The bulk of the document's astonishing catechesis in eco-spirituality take place in its second chapter (62-100). At one point, for instance, he proposes that Franciscan spirituality contains an antidote to the rupture caused by original sin: "Saint Bonaventure held that, through universal reconciliation with every creature, Saint Francis in some way returned to the state of original innocence" (66).

At another point (96-100), the pope offers an astonishing Christology based on the "gaze of Jesus," depicting him as someone who "lived in full harmony with creation" and drew it to himself in the Resurrection, so that "the very flowers of the field and the birds which his human eyes contemplated and admired are now imbued with his radiant presence."

Yet what is most interesting is that this extraordinary chapter begins by addressing itself not to conservative Christians but to a largely agnostic scientific community. It pleads for Christianity to be taken seriously, staging a defense of the relevance of religion to the ecological debate, insofar as it trains us to see mystery in the created world.

The encyclical, then, is somewhat holographic: its traditional sources disclose something almost panentheistic, even as its appeal to scientifically minded moderns wants to lead them to the sources of Christianity.

It occurs to me that this document is a bridge not only to scientists but to the kind of people who call themselves "spiritual but not religious," who say they prefer to contemplate God in pristine forests rather than in human-made churches, and whose personal sensibilities tend toward the New Age or the neo-pagan. It could extend the so-called "Francis effect" if it allows such people -- and they are many -- to see that Christian spirituality can speak to their hearts and minds.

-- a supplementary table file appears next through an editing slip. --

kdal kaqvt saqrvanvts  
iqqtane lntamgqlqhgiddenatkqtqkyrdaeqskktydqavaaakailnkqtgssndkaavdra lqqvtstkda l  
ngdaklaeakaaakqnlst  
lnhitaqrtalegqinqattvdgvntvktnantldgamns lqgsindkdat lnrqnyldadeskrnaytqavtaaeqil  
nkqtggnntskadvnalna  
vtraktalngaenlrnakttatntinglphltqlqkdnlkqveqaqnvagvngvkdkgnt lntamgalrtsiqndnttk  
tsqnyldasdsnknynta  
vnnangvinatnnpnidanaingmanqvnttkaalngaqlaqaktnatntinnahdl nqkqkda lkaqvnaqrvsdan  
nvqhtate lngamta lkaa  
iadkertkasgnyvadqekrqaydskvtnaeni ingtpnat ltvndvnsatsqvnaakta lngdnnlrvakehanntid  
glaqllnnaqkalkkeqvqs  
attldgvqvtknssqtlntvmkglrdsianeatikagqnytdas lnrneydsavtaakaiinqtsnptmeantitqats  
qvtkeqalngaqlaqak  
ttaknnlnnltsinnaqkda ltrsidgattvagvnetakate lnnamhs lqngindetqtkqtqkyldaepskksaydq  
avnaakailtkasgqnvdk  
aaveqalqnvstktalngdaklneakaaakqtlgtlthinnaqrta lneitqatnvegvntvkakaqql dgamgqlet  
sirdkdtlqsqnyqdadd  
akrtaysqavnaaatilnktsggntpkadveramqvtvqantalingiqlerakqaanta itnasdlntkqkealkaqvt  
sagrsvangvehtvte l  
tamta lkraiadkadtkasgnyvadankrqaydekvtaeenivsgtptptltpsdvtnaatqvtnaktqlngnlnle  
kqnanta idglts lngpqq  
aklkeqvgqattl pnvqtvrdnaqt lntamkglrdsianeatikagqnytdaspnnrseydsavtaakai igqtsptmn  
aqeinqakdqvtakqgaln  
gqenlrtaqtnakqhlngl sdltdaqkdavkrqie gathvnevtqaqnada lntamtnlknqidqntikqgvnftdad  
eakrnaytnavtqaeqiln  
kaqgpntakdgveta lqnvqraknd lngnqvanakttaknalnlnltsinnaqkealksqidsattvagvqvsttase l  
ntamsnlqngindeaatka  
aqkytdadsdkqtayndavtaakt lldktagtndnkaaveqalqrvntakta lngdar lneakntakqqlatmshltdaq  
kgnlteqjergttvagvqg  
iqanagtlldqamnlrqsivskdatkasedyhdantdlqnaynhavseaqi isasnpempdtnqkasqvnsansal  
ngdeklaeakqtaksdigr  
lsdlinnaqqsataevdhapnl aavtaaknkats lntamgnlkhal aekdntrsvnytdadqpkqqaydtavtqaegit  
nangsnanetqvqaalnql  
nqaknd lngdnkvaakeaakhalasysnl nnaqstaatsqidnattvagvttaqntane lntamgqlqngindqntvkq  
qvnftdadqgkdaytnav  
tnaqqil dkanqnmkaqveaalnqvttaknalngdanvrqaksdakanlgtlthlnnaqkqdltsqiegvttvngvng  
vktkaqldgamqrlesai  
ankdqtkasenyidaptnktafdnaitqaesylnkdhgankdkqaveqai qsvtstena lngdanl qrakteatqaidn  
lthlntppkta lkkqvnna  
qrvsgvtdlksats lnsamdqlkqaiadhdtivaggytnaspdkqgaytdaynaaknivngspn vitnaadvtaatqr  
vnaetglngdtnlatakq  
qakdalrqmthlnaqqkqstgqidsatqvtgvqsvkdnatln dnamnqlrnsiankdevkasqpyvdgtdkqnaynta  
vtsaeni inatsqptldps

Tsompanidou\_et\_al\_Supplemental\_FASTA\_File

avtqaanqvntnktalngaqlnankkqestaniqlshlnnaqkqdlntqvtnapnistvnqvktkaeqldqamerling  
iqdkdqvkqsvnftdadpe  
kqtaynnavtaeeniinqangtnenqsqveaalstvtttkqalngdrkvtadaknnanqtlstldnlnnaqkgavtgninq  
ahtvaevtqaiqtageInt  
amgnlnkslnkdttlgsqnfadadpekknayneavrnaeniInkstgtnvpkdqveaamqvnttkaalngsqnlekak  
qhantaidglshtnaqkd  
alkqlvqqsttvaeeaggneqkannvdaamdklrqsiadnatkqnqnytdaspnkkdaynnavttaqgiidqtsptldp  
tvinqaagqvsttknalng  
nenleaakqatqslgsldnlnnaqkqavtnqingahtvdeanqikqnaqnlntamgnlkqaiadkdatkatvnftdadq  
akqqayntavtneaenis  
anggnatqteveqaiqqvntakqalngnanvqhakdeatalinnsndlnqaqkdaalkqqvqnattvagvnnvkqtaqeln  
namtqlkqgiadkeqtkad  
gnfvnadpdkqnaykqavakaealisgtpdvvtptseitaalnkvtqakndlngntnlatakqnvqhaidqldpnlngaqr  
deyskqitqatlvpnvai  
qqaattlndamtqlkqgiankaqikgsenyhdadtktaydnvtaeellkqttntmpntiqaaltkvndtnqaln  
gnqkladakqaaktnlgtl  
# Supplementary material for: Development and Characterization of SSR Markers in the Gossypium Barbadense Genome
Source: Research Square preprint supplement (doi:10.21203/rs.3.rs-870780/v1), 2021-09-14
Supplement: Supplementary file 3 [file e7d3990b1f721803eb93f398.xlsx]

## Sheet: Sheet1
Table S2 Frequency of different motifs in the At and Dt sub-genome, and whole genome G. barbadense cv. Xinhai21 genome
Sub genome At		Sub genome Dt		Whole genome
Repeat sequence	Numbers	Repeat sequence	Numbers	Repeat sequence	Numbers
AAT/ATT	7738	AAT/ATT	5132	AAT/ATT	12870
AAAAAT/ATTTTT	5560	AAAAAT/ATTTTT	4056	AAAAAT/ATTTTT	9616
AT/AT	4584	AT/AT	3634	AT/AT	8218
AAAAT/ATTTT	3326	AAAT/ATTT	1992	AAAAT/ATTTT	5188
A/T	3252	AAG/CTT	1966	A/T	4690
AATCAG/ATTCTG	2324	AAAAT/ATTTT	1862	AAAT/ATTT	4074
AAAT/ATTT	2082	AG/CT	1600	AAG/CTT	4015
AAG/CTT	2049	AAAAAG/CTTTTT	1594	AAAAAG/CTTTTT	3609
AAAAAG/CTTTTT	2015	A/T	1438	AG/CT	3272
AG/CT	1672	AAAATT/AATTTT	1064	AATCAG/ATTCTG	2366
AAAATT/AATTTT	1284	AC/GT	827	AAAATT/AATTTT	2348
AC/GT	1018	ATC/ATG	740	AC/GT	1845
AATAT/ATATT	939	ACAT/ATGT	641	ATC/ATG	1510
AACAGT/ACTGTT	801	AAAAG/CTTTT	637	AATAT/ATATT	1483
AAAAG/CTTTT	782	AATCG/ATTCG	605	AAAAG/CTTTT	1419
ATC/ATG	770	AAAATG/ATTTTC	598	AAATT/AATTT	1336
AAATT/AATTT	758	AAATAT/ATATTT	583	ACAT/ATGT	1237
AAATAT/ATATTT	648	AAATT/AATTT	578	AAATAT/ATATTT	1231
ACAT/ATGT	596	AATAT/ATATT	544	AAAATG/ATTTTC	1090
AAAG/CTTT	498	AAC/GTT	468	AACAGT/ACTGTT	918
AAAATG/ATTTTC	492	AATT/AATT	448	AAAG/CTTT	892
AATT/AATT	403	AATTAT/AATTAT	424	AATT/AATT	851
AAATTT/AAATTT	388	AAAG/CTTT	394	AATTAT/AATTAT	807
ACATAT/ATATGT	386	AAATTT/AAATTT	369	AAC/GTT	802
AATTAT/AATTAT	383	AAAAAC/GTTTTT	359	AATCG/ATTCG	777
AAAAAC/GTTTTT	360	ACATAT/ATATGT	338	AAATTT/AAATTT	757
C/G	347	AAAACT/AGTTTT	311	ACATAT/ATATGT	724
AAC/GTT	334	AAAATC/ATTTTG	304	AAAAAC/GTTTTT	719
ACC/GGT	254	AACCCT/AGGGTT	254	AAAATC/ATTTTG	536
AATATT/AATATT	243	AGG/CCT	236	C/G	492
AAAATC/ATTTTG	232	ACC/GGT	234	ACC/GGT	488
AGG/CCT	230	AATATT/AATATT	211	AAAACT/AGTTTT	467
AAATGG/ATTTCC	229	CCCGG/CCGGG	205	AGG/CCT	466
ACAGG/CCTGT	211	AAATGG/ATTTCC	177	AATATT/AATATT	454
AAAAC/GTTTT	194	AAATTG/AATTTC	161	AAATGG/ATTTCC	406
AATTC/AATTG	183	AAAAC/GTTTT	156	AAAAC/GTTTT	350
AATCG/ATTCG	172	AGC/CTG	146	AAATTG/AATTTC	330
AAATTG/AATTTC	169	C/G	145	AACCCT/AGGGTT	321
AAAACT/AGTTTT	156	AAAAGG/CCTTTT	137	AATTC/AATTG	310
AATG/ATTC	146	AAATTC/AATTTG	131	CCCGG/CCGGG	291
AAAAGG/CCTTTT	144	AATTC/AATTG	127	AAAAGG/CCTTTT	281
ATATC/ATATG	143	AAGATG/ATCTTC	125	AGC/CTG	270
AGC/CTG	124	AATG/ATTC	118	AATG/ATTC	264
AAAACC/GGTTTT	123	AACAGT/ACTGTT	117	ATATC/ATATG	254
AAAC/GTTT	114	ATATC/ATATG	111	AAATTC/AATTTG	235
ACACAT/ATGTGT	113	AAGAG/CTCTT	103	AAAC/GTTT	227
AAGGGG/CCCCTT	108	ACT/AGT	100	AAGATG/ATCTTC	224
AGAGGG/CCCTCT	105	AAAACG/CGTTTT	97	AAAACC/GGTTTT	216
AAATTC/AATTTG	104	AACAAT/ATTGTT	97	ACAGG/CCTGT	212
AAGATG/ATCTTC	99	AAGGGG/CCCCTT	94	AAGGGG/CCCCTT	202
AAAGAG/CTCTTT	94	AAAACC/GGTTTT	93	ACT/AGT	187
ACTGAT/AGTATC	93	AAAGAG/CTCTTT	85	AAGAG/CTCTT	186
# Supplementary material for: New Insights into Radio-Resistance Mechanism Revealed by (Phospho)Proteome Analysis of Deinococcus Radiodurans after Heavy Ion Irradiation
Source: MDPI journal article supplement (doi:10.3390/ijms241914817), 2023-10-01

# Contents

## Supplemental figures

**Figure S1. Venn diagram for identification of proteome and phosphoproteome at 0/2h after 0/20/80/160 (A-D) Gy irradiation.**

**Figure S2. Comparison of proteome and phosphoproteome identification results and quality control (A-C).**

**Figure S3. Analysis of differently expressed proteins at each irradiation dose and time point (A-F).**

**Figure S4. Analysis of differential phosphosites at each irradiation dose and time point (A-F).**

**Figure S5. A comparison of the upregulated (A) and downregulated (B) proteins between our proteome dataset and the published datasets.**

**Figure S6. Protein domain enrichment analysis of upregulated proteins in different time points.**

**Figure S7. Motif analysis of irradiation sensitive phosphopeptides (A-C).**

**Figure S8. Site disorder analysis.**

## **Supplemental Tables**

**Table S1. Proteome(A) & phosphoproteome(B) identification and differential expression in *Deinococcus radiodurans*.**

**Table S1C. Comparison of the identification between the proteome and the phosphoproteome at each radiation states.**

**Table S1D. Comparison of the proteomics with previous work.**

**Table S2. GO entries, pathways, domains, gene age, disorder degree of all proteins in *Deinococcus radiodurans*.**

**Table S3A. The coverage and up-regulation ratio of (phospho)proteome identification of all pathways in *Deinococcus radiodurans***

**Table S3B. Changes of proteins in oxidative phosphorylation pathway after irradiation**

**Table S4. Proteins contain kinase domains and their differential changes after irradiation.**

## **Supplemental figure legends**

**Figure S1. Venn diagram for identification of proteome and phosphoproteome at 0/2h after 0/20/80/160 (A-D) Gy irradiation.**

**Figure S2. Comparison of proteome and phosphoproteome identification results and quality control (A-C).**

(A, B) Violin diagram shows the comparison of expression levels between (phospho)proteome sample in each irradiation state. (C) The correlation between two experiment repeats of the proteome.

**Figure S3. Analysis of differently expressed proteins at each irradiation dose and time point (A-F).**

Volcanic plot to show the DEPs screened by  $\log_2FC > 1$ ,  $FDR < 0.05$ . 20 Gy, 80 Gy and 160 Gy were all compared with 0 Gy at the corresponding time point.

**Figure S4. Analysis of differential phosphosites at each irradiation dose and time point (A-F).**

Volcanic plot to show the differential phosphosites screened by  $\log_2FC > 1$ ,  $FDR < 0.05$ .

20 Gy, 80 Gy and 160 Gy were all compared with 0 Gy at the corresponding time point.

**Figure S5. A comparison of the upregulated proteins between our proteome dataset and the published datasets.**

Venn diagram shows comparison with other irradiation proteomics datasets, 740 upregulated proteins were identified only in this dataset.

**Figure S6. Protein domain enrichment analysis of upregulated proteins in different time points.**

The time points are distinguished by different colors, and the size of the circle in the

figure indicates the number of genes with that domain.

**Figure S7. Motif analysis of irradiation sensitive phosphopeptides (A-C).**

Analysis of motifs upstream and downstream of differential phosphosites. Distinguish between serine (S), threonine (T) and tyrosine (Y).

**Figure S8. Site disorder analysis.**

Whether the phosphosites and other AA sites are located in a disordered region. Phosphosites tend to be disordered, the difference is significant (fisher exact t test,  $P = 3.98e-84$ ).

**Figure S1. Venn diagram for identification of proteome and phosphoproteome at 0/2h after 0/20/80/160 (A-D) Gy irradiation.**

Yet these may be the very people who will never read the text, particularly if they have the impression that all the encyclical does is confirm what they already believe about climate change -- if they have the impression that the encyclical is directed exclusively at conservative religious fundamentalists.

I'll end this reflection on a personal note. For years, I've talked theology with my cousin, a profoundly sensitive young man with a deep connection to animals, who has a passing, peripheral interest in Christianity yet finds the religion too anthropocentric to be adequate to his feelings of connectedness with all reality.

I understand; indeed, I recently posted a verse by Rilke, who hates to see God depicted in "king's robes" while so many other lovely images ("you drifting mist that brought forth the morning") seem to be ruled out, implicitly, as too "pagan."

When you read paragraphs of Laudato Si’ like Paragraph 33 and Paragraph 92, you can see that Pope Francis has given the church resources (in these cases, resources in the field of animal rights) it never had. He has taken the frame of Christian spirituality and expanded it -- or, better yet, made it more porous, so that it is capable of taking in more and more of the divine mystery.

For this I am grateful -- and if it manages to save the planet from global warming, all the better.